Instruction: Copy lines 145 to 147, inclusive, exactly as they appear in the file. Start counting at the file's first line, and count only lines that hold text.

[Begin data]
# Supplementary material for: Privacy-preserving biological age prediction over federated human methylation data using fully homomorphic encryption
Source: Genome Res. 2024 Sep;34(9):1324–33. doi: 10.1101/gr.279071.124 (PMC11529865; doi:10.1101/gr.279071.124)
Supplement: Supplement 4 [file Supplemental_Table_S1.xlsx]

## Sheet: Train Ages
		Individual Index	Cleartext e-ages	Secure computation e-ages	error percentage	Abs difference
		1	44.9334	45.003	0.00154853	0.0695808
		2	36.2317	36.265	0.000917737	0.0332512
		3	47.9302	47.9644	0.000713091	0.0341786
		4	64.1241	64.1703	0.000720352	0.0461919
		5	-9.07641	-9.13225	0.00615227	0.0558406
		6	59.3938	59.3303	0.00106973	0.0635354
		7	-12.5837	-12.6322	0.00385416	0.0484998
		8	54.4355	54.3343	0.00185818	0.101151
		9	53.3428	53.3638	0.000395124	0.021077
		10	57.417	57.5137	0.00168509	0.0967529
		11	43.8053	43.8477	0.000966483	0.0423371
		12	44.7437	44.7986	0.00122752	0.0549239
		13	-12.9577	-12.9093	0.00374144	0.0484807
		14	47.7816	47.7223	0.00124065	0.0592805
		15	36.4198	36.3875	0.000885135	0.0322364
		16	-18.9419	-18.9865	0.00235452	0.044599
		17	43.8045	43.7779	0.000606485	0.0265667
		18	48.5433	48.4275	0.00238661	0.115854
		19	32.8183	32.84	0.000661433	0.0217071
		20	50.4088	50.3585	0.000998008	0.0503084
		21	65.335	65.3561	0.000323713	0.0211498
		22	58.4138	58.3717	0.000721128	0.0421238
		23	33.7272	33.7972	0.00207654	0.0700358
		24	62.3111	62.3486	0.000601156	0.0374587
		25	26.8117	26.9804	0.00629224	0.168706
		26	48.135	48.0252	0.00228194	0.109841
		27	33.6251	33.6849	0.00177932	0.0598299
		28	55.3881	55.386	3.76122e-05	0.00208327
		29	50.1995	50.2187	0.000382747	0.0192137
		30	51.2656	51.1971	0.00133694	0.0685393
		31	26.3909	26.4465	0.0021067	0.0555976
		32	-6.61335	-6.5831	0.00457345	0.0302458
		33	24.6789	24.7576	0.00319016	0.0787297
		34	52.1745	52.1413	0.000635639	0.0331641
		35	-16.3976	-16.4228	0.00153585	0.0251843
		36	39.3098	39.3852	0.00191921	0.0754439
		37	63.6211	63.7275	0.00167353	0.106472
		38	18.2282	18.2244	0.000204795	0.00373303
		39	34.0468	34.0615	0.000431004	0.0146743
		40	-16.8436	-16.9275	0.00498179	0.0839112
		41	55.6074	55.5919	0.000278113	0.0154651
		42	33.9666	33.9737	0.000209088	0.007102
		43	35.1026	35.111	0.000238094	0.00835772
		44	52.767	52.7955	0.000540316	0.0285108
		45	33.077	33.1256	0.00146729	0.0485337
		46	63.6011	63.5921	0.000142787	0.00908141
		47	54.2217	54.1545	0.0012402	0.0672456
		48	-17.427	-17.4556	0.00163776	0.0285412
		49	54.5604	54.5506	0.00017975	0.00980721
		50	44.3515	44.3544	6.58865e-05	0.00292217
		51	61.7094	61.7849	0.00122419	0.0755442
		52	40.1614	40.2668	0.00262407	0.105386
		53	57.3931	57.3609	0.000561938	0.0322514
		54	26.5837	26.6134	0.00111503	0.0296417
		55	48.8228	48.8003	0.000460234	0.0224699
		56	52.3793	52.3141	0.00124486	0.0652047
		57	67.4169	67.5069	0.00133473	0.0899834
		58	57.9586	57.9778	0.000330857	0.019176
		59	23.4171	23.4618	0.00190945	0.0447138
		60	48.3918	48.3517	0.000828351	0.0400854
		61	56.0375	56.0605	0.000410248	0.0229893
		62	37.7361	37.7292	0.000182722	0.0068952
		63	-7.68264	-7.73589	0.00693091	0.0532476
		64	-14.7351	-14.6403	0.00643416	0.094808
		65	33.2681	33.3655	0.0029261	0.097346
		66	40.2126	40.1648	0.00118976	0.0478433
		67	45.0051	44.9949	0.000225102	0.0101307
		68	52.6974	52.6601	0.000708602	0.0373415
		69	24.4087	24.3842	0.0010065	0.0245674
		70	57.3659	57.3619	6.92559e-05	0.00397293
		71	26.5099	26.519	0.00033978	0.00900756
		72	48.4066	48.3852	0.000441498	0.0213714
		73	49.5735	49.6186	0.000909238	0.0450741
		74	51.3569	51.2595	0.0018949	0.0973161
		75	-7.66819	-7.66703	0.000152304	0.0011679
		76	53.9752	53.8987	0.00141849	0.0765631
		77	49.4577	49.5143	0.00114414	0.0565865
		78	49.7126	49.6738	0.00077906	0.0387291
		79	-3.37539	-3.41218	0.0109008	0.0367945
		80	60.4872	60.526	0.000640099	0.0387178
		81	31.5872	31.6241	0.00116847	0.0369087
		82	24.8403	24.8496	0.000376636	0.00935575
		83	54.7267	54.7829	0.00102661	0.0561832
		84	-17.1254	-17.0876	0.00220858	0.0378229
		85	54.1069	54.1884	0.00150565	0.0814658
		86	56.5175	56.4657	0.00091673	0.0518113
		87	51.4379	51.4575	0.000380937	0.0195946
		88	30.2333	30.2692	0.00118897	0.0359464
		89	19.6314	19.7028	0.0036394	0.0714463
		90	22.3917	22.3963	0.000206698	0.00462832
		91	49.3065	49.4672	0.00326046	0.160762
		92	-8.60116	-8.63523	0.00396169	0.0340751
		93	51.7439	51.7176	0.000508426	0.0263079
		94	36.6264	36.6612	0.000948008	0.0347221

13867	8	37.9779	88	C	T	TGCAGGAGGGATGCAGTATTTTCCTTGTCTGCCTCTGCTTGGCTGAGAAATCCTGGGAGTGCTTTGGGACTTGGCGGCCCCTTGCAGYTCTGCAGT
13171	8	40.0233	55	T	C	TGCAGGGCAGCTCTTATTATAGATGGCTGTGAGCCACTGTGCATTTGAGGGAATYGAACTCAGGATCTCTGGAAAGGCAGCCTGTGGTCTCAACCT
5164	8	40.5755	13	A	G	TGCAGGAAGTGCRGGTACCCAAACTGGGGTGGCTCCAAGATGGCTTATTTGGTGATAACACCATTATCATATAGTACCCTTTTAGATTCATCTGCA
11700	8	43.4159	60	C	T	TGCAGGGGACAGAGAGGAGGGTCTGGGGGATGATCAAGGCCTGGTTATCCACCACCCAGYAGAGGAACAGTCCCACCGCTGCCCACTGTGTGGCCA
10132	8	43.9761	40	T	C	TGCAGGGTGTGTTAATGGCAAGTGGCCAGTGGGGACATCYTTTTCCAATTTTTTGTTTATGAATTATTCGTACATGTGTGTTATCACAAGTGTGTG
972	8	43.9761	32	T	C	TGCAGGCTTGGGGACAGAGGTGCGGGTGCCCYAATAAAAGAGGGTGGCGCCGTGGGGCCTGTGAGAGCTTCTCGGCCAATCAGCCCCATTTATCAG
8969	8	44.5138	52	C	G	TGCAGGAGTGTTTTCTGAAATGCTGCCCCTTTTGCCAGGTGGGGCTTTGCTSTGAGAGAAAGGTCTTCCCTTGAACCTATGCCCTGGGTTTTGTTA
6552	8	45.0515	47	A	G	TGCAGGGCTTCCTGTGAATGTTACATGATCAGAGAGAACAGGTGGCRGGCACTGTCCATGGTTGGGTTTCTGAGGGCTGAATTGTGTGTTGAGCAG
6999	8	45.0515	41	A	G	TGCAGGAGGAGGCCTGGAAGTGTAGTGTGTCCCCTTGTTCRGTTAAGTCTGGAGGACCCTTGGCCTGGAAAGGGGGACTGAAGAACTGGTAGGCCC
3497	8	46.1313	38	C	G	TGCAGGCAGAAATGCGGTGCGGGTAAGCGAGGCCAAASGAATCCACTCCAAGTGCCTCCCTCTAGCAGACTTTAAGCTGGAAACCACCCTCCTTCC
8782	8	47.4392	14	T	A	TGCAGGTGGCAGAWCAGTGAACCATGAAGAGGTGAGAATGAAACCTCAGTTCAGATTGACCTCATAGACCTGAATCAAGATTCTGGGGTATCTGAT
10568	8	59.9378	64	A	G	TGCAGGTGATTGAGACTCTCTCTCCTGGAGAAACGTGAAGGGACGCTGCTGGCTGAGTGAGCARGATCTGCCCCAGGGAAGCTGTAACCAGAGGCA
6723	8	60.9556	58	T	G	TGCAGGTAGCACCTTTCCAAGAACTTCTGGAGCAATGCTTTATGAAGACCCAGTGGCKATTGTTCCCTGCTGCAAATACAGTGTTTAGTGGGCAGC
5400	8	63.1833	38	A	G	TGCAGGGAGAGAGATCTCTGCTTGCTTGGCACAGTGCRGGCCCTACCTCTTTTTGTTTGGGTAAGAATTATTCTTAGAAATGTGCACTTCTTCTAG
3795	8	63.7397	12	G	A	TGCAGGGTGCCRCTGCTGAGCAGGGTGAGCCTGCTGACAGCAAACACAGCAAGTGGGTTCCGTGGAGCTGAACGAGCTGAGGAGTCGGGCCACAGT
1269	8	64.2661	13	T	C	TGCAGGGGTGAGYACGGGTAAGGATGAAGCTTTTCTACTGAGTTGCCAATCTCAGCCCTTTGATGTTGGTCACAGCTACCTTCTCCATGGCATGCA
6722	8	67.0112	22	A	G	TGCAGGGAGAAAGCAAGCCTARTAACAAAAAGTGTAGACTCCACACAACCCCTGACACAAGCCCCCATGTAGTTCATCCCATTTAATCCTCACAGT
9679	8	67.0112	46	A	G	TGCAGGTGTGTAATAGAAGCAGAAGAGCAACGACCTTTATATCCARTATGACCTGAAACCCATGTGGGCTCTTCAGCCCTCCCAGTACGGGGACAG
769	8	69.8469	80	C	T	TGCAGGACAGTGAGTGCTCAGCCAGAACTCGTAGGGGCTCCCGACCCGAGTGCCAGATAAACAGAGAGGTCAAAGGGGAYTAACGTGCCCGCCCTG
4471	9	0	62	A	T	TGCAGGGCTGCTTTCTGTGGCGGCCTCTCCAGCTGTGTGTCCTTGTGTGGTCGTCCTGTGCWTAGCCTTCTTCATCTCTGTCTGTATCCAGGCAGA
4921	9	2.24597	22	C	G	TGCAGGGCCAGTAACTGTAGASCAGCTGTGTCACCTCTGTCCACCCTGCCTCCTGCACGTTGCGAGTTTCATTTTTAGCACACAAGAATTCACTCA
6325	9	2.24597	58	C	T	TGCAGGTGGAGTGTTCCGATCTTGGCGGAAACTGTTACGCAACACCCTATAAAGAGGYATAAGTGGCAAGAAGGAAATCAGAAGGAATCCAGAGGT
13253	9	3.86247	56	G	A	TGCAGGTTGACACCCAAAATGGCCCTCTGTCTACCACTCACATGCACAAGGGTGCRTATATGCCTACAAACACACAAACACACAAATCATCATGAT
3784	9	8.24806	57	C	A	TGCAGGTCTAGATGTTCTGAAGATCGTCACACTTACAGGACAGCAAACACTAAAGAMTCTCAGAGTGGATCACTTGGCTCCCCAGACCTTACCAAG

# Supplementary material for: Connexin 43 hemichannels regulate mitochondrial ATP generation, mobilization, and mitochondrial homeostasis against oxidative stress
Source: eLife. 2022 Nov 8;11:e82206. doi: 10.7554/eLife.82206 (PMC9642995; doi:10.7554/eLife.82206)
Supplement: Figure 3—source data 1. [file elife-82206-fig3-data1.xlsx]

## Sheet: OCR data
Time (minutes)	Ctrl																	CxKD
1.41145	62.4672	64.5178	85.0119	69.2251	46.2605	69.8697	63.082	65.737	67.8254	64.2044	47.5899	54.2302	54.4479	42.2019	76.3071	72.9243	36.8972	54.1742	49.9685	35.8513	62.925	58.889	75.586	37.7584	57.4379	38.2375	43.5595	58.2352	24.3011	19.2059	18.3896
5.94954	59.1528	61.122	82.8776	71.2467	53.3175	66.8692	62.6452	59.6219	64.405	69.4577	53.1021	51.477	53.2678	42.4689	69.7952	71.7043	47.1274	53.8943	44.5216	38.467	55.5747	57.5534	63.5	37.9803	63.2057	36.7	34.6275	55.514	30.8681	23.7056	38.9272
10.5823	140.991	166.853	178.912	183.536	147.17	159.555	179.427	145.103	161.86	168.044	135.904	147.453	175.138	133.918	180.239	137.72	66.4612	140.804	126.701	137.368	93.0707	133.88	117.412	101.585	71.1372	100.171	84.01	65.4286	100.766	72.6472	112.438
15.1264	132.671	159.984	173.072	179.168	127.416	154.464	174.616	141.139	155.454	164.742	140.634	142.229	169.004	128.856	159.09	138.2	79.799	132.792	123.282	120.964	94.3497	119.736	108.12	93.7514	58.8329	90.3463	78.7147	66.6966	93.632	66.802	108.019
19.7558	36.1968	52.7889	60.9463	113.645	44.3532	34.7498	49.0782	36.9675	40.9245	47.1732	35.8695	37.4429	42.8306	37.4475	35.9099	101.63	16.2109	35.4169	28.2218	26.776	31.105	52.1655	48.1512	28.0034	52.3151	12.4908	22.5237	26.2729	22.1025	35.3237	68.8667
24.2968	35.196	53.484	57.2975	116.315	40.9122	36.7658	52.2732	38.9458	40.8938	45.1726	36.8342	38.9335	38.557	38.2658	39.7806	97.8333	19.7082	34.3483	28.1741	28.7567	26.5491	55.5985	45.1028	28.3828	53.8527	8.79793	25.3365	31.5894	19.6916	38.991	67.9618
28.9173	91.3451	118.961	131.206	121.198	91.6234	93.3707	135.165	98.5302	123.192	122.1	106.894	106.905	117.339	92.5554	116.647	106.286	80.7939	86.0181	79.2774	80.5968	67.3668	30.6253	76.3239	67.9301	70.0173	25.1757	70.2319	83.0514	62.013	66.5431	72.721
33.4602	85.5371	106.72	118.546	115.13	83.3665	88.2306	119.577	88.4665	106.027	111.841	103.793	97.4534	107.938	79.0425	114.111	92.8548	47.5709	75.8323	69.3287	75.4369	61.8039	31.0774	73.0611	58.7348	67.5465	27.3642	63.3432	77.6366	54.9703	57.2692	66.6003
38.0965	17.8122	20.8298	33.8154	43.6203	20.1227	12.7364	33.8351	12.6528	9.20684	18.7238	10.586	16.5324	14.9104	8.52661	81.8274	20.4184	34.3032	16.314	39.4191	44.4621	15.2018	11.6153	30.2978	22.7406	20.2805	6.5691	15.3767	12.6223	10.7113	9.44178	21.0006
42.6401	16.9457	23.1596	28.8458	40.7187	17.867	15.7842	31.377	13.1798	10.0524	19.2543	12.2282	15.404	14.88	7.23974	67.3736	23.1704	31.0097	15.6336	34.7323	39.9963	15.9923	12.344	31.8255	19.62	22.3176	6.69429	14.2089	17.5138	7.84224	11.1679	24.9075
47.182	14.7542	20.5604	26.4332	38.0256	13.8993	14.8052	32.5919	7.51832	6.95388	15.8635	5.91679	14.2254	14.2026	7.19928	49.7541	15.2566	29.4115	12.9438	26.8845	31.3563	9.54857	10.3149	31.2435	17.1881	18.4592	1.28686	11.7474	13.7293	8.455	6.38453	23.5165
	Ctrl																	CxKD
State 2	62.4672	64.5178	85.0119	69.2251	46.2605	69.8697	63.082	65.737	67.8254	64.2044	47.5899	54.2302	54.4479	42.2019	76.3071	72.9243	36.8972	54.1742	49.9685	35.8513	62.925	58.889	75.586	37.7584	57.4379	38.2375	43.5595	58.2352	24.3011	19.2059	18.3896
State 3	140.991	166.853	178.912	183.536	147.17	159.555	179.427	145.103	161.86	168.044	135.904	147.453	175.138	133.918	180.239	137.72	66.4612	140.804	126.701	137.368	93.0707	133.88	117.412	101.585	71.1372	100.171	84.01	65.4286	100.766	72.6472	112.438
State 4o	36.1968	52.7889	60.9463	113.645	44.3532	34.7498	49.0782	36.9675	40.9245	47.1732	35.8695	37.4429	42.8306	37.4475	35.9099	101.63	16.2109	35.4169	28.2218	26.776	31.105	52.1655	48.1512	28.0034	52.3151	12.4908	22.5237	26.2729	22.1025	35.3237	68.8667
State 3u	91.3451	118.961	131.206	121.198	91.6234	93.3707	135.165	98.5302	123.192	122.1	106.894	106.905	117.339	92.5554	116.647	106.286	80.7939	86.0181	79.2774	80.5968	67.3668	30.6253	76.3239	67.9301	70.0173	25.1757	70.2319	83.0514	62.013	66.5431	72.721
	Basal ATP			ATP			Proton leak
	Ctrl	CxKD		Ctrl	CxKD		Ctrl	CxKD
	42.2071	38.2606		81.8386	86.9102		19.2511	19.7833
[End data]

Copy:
	Basal ATP			ATP			Proton leak
	Ctrl	CxKD		Ctrl	CxKD		Ctrl	CxKD
	42.2071	38.2606		81.8386	86.9102		19.2511	19.7833